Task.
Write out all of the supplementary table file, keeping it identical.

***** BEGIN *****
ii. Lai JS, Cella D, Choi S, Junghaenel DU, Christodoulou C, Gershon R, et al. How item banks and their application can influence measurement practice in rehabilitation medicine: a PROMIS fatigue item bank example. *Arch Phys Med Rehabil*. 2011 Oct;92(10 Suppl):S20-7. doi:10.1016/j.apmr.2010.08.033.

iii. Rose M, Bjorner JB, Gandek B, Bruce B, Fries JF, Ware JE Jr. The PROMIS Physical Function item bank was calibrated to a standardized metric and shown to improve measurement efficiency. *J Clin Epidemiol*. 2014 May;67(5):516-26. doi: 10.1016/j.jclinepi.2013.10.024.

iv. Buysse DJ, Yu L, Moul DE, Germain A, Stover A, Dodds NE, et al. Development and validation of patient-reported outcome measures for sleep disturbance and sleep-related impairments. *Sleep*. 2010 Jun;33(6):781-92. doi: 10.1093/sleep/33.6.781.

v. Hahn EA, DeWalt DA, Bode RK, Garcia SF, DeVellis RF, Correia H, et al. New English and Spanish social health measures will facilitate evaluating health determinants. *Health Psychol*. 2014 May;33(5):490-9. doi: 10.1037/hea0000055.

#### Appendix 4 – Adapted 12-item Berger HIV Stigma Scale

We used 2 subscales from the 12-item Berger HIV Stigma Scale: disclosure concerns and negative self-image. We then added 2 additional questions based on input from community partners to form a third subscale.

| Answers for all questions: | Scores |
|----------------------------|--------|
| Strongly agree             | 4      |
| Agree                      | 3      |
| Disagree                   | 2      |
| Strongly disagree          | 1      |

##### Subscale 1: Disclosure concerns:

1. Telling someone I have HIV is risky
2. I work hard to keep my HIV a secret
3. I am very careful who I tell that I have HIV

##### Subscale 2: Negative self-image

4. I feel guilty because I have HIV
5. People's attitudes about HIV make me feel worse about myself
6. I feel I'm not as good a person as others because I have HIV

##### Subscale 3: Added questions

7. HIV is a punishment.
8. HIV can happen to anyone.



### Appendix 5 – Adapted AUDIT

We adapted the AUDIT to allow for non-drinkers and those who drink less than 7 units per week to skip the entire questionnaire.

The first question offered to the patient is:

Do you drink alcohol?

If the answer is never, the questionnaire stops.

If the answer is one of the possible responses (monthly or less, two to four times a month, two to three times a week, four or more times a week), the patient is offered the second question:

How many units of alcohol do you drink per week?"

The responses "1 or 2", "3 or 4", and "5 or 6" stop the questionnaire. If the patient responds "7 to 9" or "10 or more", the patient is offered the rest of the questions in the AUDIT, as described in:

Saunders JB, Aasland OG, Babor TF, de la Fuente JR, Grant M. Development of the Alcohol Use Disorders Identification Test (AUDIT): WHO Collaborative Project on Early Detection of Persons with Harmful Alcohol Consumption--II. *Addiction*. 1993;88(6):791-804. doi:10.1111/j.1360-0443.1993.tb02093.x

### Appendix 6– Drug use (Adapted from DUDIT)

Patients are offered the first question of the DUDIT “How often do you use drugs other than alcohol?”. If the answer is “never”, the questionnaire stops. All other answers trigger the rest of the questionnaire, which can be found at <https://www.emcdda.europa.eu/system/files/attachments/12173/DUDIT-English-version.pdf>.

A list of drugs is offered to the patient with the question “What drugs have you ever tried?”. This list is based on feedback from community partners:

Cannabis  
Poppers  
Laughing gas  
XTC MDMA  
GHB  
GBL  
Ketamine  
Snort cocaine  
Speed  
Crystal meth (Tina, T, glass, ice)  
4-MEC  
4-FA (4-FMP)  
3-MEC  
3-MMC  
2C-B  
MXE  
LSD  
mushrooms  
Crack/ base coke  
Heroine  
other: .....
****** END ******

ii. Lai JS, Cella D, Choi S, Junghaenel DU, Christodoulou C, Gershon R, et al. How item banks and their application can influence measurement practice in rehabilitation medicine: a PROMIS fatigue item bank example. *Arch Phys Med Rehabil*. 2011 Oct;92(10 Suppl):S20-7. doi:10.1016/j.apmr.2010.08.033.

iii. Rose M, Bjorner JB, Gandek B, Bruce B, Fries JF, Ware JE Jr. The PROMIS Physical Function item bank was calibrated to a standardized metric and shown to improve measurement efficiency. *J Clin Epidemiol*. 2014 May;67(5):516-26. doi: 10.1016/j.jclinepi.2013.10.024.

iv. Buysse DJ, Yu L, Moul DE, Germain A, Stover A, Dodds NE, et al. Development and validation of patient-reported outcome measures for sleep disturbance and sleep-related impairments. *Sleep*. 2010 Jun;33(6):781-92. doi: 10.1093/sleep/33.6.781.

v. Hahn EA, DeWalt DA, Bode RK, Garcia SF, DeVellis RF, Correia H, et al. New English and Spanish social health measures will facilitate evaluating health determinants. *Health Psychol*. 2014 May;33(5):490-9. doi: 10.1037/hea0000055.

#### Appendix 4 – Adapted 12-item Berger HIV Stigma Scale

We used 2 subscales from the 12-item Berger HIV Stigma Scale: disclosure concerns and negative self-image. We then added 2 additional questions based on input from community partners to form a third subscale.

| Answers for all questions: | Scores |
|----------------------------|--------|
| Strongly agree             | 4      |
| Agree                      | 3      |
| Disagree                   | 2      |
| Strongly disagree          | 1      |

##### Subscale 1: Disclosure concerns:

1. Telling someone I have HIV is risky
2. I work hard to keep my HIV a secret
3. I am very careful who I tell that I have HIV

##### Subscale 2: Negative self-image

4. I feel guilty because I have HIV
5. People's attitudes about HIV make me feel worse about myself
6. I feel I'm not as good a person as others because I have HIV

##### Subscale 3: Added questions

7. HIV is a punishment.
8. HIV can happen to anyone.



### Appendix 5 – Adapted AUDIT

We adapted the AUDIT to allow for non-drinkers and those who drink less than 7 units per week to skip the entire questionnaire.

The first question offered to the patient is:

Do you drink alcohol?

If the answer is never, the questionnaire stops.

If the answer is one of the possible responses (monthly or less, two to four times a month, two to three times a week, four or more times a week), the patient is offered the second question:

How many units of alcohol do you drink per week?"

The responses "1 or 2", "3 or 4", and "5 or 6" stop the questionnaire. If the patient responds "7 to 9" or "10 or more", the patient is offered the rest of the questions in the AUDIT, as described in:

Saunders JB, Aasland OG, Babor TF, de la Fuente JR, Grant M. Development of the Alcohol Use Disorders Identification Test (AUDIT): WHO Collaborative Project on Early Detection of Persons with Harmful Alcohol Consumption--II. *Addiction*. 1993;88(6):791-804. doi:10.1111/j.1360-0443.1993.tb02093.x

### Appendix 6– Drug use (Adapted from DUDIT)

Patients are offered the first question of the DUDIT “How often do you use drugs other than alcohol?”. If the answer is “never”, the questionnaire stops. All other answers trigger the rest of the questionnaire, which can be found at <https://www.emcdda.europa.eu/system/files/attachments/12173/DUDIT-English-version.pdf>.

A list of drugs is offered to the patient with the question “What drugs have you ever tried?”. This list is based on feedback from community partners:

Cannabis  
Poppers  
Laughing gas  
XTC MDMA  
GHB  
GBL  
Ketamine  
Snort cocaine  
Speed  
Crystal meth (Tina, T, glass, ice)  
4-MEC  
4-FA (4-FMP)  
3-MEC  
3-MMC  
2C-B  
MXE  
LSD  
mushrooms  
Crack/ base coke  
Heroine  
other: .....